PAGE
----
In children, the bone mineral content, height, weight and IGF1 were measured and comparisons were made with healthier children.
Bones are the strongest part of our body and the healthier they are, the more fit we remain. For children with Type-1 diabetes though, weak bones – low bone mineral density – makes then more prone to fractures, say diabetologists.
“Children with diabetes have shorter and slender bones and this effect is more pronounced with longer duration of diabetes. Small and slender bones in diabetic children may increase risk of fractures in future,” says Dr Anuradha Khadilkar, who examined 170 children with diabetes in the six to 16 age bracket at the Hirabai Cowasji Jehangir Medical Research Institute, Jehangir hospital in Pune, to assess their bone health for the last two years.
Bone health parameters using Dual Energy X-ray Absorptiometry (DXA) or a bone densitometer, serum insulin like growth factor (IGF1), was also measured to assess growth in these children as growth and bones are both affected in children with diabetes. In children, the bone mineral content (the amount of calcium in bone), height, weight and IGF1 were measured and comparisons were made with healthier children. Diabetic children were shorter than healthy children.
“We have reported for the first time that Indian children with diabetes have short and slender bones. Our study had important implications, we had to keep in mind growth and bone health of children while managing their diabetes,” adds Khadilkar, whose research, along with Dr Vaman Khadilkar and others, was published in the special issue of `Bone and Diabetes’ in April. The researchers collaborated with Royal Manchester Children’s Hospital, Manchester, UK for the study ‘Bone status of Indian children and adolescents with type-1 diabetes mellitus’. They will now assess what interventions will prove useful.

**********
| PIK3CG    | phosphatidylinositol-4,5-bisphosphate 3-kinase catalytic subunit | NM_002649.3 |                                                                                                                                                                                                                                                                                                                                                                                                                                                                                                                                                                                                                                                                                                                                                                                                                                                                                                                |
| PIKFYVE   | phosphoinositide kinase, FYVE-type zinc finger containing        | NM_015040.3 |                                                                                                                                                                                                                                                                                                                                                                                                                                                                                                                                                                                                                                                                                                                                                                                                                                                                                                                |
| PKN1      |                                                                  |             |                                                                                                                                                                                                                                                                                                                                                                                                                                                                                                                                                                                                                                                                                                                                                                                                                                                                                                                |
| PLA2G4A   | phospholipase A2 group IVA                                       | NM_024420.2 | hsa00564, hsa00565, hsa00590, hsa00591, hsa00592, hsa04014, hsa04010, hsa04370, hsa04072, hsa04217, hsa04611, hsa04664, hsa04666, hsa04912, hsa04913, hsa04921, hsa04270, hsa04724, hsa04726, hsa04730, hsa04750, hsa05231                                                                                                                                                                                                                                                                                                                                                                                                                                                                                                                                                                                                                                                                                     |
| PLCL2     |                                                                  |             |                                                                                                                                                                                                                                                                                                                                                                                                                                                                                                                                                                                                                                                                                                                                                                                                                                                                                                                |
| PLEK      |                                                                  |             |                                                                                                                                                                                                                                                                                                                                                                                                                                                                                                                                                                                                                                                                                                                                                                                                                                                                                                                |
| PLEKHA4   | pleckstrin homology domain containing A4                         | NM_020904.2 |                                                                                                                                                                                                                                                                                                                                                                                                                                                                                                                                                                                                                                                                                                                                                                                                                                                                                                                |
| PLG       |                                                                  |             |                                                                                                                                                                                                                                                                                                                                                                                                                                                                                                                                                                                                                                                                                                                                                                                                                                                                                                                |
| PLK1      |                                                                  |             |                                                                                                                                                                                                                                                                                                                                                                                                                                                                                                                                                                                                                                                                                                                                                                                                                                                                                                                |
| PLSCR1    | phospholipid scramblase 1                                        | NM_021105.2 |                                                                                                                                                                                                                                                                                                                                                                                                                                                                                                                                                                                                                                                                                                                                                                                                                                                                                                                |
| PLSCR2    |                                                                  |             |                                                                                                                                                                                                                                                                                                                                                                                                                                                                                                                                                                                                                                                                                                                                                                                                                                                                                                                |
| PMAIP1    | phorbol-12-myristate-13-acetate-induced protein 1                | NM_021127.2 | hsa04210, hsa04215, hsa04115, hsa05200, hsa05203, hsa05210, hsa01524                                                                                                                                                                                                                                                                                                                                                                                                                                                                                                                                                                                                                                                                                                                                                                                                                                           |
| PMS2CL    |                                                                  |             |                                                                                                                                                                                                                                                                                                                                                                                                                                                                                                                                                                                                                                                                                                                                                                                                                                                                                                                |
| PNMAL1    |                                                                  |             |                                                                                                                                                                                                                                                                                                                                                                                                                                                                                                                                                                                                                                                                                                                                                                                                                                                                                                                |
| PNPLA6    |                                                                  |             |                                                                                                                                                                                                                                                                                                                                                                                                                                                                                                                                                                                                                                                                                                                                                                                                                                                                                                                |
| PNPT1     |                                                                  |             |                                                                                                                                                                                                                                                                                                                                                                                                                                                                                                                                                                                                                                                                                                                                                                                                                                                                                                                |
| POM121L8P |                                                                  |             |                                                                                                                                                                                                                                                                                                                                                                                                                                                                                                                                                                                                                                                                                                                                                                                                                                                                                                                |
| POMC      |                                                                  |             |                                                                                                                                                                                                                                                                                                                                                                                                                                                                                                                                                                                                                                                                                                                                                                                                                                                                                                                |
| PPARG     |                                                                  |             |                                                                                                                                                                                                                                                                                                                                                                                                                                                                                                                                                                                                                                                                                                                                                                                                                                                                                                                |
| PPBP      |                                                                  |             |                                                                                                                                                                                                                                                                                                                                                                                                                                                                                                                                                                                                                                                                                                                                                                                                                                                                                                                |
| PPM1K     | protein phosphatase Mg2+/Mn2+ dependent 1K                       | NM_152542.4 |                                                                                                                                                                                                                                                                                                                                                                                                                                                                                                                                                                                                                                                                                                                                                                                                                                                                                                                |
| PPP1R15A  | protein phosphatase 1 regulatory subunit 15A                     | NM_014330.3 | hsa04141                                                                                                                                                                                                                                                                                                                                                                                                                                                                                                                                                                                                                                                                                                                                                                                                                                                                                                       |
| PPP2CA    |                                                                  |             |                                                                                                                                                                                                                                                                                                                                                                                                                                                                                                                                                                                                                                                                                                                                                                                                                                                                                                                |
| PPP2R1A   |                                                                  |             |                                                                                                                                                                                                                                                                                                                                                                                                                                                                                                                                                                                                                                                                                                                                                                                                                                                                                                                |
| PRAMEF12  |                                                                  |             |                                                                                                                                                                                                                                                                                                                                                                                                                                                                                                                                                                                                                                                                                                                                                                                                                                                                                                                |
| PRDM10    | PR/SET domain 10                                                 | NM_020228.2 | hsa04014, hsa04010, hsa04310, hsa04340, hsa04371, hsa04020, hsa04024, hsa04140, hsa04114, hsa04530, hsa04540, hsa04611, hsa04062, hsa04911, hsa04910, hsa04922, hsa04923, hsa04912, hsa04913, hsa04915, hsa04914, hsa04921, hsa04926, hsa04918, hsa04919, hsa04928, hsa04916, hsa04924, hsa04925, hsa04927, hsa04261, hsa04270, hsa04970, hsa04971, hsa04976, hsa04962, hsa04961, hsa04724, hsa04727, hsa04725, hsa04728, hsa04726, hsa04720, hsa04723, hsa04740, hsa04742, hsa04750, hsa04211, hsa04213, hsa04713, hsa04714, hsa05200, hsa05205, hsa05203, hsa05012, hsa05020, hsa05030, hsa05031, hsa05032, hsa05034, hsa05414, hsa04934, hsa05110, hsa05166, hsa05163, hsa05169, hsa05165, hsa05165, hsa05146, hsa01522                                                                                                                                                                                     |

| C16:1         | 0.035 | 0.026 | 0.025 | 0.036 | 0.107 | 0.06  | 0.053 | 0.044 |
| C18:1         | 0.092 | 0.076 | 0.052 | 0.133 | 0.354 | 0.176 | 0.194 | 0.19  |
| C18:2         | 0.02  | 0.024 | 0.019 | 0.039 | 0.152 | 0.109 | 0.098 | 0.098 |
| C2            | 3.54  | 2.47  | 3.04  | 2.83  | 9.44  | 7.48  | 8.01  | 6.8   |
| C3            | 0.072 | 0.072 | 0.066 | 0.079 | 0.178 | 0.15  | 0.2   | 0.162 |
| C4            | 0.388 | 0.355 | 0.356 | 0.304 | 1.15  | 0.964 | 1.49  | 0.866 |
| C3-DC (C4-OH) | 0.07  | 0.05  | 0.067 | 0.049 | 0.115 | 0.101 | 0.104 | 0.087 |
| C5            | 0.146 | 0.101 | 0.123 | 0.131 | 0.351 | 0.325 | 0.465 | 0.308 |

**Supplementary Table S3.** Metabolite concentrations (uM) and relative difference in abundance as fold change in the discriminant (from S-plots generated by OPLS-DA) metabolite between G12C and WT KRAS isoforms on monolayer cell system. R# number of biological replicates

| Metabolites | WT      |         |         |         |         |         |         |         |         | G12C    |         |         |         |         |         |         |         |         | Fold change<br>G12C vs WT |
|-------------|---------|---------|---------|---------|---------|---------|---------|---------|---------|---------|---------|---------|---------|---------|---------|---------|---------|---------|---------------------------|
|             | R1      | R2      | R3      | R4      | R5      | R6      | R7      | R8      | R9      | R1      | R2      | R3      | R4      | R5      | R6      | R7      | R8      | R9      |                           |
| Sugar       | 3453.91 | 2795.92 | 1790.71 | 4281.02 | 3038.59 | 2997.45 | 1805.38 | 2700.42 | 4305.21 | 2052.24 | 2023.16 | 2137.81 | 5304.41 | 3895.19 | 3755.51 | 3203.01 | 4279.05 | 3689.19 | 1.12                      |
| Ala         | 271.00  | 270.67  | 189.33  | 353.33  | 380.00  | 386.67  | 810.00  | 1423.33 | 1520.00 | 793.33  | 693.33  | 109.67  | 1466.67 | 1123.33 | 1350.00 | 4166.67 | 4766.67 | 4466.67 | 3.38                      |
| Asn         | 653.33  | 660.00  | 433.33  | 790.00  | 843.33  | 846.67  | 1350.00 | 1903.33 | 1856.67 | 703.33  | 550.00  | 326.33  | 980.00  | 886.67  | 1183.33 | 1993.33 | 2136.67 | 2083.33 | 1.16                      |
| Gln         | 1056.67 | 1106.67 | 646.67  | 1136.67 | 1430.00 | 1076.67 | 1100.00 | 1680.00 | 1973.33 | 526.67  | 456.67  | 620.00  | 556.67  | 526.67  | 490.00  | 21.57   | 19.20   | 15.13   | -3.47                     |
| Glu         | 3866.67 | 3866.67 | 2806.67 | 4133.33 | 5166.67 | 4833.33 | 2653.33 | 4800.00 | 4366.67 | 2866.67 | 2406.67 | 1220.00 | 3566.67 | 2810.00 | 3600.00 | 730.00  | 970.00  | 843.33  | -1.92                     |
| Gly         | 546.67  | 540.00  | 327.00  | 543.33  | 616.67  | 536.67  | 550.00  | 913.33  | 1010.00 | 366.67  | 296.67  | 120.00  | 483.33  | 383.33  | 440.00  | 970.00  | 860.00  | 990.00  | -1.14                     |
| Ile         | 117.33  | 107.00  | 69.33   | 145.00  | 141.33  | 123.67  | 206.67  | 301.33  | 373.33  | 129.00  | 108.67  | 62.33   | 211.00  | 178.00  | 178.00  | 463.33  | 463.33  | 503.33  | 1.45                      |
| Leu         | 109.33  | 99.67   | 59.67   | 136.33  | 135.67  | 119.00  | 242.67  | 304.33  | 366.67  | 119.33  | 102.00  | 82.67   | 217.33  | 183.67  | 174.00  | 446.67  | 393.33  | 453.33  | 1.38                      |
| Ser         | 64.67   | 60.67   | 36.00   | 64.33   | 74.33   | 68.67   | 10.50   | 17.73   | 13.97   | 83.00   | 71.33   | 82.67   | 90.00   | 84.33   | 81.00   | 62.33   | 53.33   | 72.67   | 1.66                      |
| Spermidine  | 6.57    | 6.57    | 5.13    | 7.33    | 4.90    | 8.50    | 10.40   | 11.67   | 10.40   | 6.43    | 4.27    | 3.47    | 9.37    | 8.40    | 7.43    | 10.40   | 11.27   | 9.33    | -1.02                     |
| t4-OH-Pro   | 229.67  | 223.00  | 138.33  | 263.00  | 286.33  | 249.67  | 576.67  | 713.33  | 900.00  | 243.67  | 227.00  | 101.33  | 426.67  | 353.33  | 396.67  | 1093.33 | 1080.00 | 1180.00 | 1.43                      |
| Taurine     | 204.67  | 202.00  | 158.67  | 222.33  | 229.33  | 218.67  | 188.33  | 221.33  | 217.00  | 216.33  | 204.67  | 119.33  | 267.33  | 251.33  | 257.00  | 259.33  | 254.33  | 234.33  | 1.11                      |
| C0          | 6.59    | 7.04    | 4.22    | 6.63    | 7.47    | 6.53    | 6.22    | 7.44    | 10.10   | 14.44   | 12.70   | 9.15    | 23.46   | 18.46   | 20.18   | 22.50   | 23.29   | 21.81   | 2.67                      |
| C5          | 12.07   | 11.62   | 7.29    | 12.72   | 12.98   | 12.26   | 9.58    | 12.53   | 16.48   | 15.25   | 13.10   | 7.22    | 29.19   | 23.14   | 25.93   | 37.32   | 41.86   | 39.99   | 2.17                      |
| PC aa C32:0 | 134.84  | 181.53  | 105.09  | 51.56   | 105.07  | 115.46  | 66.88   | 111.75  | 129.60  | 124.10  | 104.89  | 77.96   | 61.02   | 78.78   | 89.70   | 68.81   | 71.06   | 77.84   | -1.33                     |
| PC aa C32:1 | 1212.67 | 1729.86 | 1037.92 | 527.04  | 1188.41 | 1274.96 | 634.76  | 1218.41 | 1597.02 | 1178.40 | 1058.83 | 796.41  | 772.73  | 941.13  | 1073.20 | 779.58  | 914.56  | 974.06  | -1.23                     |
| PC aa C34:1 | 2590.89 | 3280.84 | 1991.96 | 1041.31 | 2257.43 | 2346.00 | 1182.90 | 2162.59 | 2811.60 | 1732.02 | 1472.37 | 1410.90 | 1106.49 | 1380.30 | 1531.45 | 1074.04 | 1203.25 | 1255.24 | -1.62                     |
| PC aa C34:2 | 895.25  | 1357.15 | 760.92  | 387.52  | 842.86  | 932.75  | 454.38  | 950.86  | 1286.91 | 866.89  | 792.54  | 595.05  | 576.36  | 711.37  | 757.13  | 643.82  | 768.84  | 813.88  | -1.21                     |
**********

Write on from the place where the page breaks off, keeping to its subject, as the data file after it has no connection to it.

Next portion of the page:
“Since muscles and bones are closely linked in terms of their functions, it is recommended that the diagnostic evaluation of bone parameters should always include an assessment of the musculature. Thus we analysed the lean mass in diabetic children. However, the lean body mass measured by DXA is a surrogate for the muscle mass. Using the Crabtree et al model, we have demonstrated that the lean body mass was not affected in these children,” says Khadilkar.